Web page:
Tax Tips for College Grads
Big changes may be coming your way as a recent college graduate. Obtaining a full-time job, moving to a city or state far away from home, renting or buying an apartment/home, or enrolling in graduate school are a few of the events that can have a major impact on your life. You also may want to start thinking about personal savings and taxes in a new way. Particularly, what you can do to help reduce the amount of money you owe the IRS annually. Here are a few considerations to help you with your taxes as a new grad.
Ask for Part-Year Withholding
Most new grads are thrilled when they obtain their first full-time job after school and don't think about how they'll be taxed. Unless you specifically ask for part-year withholding, your employer will most likely deduct taxes as though you've had the job all year. When taxes are withheld from your paycheck based on a 12-month calendar rather than partial year, you can end up paying more than you should. Some employers simply don't offer part-year withholding, but it never hurts to ask.
Write Off Student Loan Interest
If you borrowed money to cover the cost of earning your degree, you owe interest on those loans. The IRS lets you write off up to $ 2,500 annually, even if your parents assist you with your student loans. Keep in mind that if your post-graduation job pays $65,000 (if you're single) or $130,000 (if married and filing jointly), you won't qualify for this write-off.
Deduct Unreimbursed Moving Expenses
You might accept a job in another city or state, in which case you can deduct job-related moving costs that your new employer doesn't reimburse. The only catch is that the job must be at least 50 miles away from home for you to qualify for the tax deduction. Save your receipts for expenses such as:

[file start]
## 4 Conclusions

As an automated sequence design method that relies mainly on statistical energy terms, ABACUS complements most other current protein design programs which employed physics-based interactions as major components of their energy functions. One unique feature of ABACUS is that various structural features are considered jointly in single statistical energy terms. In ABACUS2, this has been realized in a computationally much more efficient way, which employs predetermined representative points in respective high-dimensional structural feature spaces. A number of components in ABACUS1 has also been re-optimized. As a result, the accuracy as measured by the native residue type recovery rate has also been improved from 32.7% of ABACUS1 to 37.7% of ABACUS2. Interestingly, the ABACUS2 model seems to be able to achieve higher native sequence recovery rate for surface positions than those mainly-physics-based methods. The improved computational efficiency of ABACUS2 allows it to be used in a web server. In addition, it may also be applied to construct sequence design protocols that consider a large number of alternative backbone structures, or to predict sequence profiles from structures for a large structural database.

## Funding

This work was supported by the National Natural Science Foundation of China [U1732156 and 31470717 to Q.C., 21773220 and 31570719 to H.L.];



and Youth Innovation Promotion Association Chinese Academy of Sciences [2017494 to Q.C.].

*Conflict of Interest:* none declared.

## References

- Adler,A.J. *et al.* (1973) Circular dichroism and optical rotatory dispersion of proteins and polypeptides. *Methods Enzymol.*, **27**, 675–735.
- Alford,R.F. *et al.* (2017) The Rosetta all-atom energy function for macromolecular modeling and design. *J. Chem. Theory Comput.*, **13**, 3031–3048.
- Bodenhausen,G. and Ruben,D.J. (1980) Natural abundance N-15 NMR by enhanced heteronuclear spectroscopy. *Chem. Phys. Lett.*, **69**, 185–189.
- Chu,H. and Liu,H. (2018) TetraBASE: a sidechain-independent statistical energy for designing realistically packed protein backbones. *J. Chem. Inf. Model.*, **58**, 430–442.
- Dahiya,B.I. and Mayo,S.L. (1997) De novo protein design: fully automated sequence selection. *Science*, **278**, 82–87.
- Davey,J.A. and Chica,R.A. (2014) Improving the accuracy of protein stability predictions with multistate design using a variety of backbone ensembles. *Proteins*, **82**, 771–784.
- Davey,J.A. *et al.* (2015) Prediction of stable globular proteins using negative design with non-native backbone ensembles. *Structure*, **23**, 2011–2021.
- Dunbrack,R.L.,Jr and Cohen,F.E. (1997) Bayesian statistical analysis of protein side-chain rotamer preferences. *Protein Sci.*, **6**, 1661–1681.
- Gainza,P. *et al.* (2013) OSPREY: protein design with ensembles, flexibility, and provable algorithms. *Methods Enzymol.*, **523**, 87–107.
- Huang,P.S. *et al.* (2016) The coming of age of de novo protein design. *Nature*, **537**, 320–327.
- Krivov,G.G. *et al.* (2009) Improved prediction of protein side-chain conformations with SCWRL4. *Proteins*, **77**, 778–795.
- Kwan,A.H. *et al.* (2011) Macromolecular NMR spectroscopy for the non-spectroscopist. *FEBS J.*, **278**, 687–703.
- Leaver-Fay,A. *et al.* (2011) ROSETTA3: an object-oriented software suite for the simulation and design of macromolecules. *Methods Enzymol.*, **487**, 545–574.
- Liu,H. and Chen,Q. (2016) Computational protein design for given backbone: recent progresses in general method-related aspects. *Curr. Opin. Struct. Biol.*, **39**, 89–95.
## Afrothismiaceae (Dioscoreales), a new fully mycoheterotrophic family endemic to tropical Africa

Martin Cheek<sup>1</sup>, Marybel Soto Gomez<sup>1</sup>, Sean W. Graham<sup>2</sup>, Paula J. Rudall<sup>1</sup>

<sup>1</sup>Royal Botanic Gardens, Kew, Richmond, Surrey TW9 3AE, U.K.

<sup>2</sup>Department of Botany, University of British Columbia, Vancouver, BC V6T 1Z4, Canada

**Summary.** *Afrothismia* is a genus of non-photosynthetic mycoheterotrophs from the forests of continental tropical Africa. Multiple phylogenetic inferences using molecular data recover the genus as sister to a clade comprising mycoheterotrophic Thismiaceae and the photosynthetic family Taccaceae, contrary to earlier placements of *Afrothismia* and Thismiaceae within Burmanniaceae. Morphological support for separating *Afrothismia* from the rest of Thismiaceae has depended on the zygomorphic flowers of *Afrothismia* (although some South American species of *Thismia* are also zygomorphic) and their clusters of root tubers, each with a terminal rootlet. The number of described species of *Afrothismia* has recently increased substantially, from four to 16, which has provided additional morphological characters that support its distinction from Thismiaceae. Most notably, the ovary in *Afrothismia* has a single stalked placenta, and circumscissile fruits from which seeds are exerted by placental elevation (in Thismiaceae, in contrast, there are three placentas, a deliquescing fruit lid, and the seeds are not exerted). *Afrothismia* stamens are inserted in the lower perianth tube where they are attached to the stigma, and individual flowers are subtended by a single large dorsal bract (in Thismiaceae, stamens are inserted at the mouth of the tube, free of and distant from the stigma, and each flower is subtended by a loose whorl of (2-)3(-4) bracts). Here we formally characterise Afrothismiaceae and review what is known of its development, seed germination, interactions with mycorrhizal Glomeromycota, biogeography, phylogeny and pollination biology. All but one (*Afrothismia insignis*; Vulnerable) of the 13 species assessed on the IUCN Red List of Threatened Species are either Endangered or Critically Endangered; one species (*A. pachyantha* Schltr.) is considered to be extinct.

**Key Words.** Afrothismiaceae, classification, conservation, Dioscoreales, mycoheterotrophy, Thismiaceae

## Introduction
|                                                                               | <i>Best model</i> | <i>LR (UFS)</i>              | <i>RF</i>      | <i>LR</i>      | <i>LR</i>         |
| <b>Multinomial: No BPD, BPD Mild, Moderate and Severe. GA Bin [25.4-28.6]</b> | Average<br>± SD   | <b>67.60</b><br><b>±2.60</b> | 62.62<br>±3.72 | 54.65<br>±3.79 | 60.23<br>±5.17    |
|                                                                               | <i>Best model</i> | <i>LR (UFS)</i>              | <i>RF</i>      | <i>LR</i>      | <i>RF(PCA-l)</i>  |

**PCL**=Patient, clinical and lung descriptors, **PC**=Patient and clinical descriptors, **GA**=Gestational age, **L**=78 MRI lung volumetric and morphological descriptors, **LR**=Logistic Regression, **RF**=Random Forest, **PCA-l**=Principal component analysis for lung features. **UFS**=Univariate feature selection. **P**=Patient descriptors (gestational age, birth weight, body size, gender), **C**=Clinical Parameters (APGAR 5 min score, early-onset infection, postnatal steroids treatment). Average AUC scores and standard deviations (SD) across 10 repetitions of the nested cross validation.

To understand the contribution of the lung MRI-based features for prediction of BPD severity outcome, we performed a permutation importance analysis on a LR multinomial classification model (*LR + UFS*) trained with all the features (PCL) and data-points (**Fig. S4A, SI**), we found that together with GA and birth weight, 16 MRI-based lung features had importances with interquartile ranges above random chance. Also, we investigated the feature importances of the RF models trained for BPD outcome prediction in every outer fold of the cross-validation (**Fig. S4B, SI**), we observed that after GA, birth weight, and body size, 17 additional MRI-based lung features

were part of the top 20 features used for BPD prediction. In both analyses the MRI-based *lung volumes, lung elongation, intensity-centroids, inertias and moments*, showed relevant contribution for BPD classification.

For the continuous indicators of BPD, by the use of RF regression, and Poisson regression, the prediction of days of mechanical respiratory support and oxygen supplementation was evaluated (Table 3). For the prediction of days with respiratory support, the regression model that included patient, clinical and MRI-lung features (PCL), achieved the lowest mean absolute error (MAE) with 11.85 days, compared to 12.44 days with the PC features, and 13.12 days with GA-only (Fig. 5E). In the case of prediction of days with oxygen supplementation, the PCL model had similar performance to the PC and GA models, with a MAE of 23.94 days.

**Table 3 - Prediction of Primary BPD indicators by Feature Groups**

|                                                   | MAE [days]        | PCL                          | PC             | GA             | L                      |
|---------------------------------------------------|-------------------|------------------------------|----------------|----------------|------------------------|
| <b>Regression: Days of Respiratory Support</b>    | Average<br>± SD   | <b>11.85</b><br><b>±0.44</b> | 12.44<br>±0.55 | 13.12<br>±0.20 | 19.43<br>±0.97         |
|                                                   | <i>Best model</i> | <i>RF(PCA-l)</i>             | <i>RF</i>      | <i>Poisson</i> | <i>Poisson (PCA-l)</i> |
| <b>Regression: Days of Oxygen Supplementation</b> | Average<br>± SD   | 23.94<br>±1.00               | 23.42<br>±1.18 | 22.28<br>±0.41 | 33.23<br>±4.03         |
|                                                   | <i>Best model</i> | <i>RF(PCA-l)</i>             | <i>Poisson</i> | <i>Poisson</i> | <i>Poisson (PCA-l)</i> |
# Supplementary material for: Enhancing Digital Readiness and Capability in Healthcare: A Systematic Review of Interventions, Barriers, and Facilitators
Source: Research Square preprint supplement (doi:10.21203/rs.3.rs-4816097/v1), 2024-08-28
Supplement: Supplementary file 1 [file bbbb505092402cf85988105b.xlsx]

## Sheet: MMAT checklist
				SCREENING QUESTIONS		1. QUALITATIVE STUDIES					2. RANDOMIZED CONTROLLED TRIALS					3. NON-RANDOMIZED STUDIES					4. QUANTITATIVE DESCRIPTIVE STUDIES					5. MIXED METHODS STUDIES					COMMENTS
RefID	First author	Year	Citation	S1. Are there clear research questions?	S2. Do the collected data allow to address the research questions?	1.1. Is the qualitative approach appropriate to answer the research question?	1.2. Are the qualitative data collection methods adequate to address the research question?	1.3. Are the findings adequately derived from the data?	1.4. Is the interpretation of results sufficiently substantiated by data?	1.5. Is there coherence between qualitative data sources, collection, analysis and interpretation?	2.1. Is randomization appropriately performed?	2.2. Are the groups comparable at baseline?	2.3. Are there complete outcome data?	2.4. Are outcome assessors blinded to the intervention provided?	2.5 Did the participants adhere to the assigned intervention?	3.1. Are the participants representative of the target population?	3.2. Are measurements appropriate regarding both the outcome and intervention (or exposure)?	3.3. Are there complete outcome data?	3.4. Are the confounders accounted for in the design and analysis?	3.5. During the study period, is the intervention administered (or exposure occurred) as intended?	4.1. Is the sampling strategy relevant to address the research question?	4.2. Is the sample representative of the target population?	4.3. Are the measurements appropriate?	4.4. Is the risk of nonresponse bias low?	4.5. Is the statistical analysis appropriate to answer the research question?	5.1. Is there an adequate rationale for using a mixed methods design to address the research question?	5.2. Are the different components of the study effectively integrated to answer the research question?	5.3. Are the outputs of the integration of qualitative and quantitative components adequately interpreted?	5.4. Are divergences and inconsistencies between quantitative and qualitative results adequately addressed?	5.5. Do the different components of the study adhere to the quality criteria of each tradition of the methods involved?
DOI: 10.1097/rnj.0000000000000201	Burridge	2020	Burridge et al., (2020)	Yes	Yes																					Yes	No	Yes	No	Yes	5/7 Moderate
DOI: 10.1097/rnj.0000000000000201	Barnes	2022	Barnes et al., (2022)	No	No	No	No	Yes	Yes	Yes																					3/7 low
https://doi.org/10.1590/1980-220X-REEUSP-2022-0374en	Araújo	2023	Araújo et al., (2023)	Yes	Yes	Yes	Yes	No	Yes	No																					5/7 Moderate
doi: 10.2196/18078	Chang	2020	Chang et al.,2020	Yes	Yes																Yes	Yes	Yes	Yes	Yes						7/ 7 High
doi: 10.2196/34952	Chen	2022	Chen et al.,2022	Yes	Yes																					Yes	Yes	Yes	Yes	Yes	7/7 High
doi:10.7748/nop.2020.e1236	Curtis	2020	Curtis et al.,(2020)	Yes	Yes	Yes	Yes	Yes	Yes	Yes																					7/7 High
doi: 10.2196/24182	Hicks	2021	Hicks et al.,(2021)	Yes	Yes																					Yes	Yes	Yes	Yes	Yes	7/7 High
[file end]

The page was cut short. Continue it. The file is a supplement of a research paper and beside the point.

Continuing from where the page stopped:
- Boxes and packing materials
- The cost of a moving van
- Mileage, if you drive to the new city on moving day
- Hotel stays on the way to your new home
Take Advantage of the Lifetime Learning Credit
You may have bachelor's degree, but that doesn't mean you're done with learning. You might enroll in graduate school on a full- or part-time basis, or just take classes to boost your job prospects. The government lets you deduct up to 20% of $10,000 paid toward higher education, and you can take this tax credit even if you take just one class.
Consider Contributing to a 401(k)
The last thing many new grads want to think about is retirement. After all, you're just starting out in life. But there's a really good reason to contribute to a 401(k) even if you have a long career ahead of you—it can lower your taxable income. If you opt in to your employer's traditional 401(k) plan, the amount you contribute monthly is deducted from your income before taxes, which lowers the amount of taxes you owe on your salary. You do pay taxes on the money in your 401(k) account eventually, but that's many years down the road.